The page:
By Jerry McBride
Jeff Herman introduced the Kayak Fish audience to the Jackson Skipper in an interview back in July at ICAST (kayakfish.com). Small, entry-level, general-purpose kayaks targeted at the youth and female market are nothing new. However, the Skipper is an actual down-scaled version of a dedicated fishing vessel, with many standard features identical to thoseadult anglers rely upon, allowing junior anglers to gain realistic experience with tools they’ll need as they graduate to bigger models. With some assistance from Half Hitch Tackle, we finally got one into the hands of 5-year-old Hannah, who spent her first afternoon as a real-life product tester.
I was frankly jealous. The kayaks I started out with rarely came with seats, period. Certainly nothing like the Jackson Hi-Lo Elite seat. I’m not sure a kindergartner can fully appreciate the inflatable Therm-A-Rest back support. Newcomers to kayak fishing should pay some dues, but there’s no suffering inflicted here. The Skipper seat, like the kayak itself, is a miniaturized version of the adult frame, scaled down to fit smaller bodies. Tackle storage underneath, plus a gear bag suspended from the back of the seat are just like the big-boy version. Included is a standard plastic tackle box; allegedly having been a kid at one point in the distant past, I still recall the pride I had in assembling my very own tackle in my first green metal box. Even a plastic fish gripper is included — kid-sized, of course.
Using the mid-gunwale handles, I easily lifted the lightweight green Skipper off the trailer, strapped on the seat, and Hannah went right to work, dragging it solo through the thick palm scrub to our improvised beach launch. Jackson wisely kid-proofed the 9-foot hull with a replaceable skid plate beneath the stern. Hannah squeezed her lunch bag into the front hatch, managing the simple bungee straps by herself. She set a jig-tipped rod in one of the two flush-mount, low-angle rod holders behind the seat, rather than the RAM-Mount holder in the forward port gear track, so it wouldn’t interfere with paddling. An anchor fit nicely in the opposite holder. We didn’t point out the camera mount for selfies, a distraction too tempting for many adults, let alone a 5-year-old. We slid the adjustable foot pegs (there are 16 in about 1-inch increments to accommodate the littlest legs) toward the seat, and she was set to go, giving her time to chase hermit and blue crabs while we got our boats set to accompany her.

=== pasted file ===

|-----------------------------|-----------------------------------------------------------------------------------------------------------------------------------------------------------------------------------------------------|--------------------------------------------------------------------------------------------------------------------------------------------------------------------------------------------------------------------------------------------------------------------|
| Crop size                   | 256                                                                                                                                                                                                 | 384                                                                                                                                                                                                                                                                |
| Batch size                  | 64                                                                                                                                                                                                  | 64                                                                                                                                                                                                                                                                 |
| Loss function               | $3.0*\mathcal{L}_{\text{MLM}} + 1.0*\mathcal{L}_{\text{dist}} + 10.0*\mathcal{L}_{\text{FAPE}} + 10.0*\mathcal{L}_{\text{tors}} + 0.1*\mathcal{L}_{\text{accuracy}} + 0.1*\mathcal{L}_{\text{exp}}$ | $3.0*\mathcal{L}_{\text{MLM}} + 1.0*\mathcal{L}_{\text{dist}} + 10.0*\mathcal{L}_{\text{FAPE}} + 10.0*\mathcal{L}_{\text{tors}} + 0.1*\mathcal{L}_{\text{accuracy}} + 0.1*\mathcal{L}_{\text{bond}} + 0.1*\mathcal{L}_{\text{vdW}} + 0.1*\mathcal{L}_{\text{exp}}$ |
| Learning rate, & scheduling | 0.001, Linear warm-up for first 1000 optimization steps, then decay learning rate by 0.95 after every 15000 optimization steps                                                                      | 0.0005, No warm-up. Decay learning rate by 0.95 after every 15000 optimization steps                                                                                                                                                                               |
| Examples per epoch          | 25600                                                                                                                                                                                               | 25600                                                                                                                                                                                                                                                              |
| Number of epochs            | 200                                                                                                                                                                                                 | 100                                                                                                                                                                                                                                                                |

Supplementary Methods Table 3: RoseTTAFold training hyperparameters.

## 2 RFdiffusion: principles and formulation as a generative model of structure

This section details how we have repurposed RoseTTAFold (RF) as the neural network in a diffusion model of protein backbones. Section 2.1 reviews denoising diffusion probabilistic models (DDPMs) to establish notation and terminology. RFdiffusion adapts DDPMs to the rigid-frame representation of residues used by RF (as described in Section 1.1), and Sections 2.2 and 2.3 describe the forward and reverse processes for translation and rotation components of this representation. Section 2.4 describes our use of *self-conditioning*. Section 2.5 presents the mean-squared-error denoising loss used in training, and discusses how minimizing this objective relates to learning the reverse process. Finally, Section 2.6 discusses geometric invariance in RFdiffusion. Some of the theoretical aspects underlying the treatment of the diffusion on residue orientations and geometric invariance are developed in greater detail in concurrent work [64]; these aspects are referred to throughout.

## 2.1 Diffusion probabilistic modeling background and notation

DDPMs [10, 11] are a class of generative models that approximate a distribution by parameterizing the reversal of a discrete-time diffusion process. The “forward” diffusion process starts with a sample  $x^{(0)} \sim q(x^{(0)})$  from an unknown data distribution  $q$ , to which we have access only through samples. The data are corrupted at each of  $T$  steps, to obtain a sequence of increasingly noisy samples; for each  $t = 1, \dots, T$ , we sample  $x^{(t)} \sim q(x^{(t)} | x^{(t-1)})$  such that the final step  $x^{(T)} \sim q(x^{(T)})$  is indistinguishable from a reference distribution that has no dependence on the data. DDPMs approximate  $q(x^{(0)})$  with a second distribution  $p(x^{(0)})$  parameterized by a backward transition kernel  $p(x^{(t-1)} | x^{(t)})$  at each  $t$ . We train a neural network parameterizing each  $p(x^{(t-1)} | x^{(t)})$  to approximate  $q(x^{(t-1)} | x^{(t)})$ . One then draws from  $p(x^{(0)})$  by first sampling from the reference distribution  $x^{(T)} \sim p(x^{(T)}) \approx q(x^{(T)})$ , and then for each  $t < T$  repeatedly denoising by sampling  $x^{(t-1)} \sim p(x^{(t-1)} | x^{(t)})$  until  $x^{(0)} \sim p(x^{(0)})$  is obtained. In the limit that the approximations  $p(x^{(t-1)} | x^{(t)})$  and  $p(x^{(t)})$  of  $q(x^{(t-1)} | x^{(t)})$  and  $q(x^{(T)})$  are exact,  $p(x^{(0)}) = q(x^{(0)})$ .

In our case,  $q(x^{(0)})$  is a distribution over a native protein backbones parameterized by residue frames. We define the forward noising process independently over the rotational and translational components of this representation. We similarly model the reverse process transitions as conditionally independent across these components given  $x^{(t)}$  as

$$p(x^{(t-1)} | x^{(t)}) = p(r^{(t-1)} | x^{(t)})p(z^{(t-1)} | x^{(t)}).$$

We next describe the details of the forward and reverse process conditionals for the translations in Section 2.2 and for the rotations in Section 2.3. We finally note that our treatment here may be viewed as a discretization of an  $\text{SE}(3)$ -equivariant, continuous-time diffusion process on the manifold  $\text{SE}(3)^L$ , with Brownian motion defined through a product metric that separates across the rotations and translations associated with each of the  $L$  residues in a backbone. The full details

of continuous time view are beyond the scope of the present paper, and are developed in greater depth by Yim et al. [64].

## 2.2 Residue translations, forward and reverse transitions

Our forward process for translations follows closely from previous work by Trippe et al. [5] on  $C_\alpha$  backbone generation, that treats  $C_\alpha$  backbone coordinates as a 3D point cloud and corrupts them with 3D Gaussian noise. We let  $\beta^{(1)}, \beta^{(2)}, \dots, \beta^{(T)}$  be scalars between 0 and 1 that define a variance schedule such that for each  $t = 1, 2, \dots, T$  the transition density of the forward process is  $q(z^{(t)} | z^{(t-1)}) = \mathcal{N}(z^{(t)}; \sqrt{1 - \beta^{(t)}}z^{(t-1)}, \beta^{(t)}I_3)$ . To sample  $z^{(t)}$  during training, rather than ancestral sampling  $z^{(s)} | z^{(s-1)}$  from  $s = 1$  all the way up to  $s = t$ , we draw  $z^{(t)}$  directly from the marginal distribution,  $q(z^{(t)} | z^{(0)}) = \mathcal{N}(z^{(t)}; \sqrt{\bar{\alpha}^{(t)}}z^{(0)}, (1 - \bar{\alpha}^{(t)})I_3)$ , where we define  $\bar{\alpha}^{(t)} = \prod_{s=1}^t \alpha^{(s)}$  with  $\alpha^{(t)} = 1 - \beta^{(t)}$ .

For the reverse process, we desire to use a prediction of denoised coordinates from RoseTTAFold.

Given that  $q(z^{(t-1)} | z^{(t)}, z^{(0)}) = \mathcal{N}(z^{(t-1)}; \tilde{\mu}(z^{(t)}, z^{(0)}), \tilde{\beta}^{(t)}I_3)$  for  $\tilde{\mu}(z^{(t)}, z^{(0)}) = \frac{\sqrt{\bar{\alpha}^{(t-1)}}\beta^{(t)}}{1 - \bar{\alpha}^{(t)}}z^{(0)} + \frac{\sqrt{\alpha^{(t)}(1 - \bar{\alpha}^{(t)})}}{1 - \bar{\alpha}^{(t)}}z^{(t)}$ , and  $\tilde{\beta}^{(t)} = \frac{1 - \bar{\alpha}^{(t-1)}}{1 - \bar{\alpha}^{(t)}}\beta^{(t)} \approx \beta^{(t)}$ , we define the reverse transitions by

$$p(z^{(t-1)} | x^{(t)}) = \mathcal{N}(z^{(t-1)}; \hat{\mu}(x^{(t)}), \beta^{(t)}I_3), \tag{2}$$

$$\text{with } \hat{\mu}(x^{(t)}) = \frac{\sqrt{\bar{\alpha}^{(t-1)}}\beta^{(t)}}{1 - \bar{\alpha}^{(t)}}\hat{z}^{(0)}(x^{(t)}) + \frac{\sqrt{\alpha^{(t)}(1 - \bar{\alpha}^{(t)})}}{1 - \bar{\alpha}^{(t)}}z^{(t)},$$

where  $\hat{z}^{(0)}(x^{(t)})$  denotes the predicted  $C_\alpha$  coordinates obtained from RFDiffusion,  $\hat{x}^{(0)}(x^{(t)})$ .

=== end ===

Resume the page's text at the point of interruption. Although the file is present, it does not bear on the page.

Although not an accomplished paddler — it’s surprisingly hard to find a seasoned 5-year-old kayak veteran — Hannah pushed the Skipper along with minimal struggles. We managed all of 200 yards before she decided it was snack time. She had no problem making her way unassisted along the open, flat deck to retrieve her apple slices from the front hatch. Adults would find the 28-inch beam somewhat treacherous for standing, but that’s hardly an issue for a kid with a low center of gravity. The Skipper has a 200-pound weight capacity, with a recommended user range of 50 to 125 pounds. We slipped into a sheltered bayou, the grownups playing with small trout and redfish until Hannah’s apples were finished. Then it was back to work, returning to the big bay to locate a school of trout that frequent a pair of docks in the area. Cruising alongside Hannah, I noticed little hull noise emanating from the Skipper.
Hannah has reeled in and posed with a number of trout and redfish hooked by other anglers, but she accomplished her first solo catch on an artificial lure, making the cast, hooking the trout and getting it to the Skipper for a release photo. Smiles are always bigger and brighter if you catch the fish yourself — independence and a sense of accomplishment don’t come with a minimum age requirement.
The Jackson Kayak Skipper: a well-equipped fishing craft manageable enough that a kindergartner can catch fish from it. Looking back, I can only imagine what a 10-year-old fishing-addicted kid could have accomplished.
Jackson Skipper Specifications
Length: 9 feet
Weight capacity: 200 lbs.
The article was originally published on Kayak Fish
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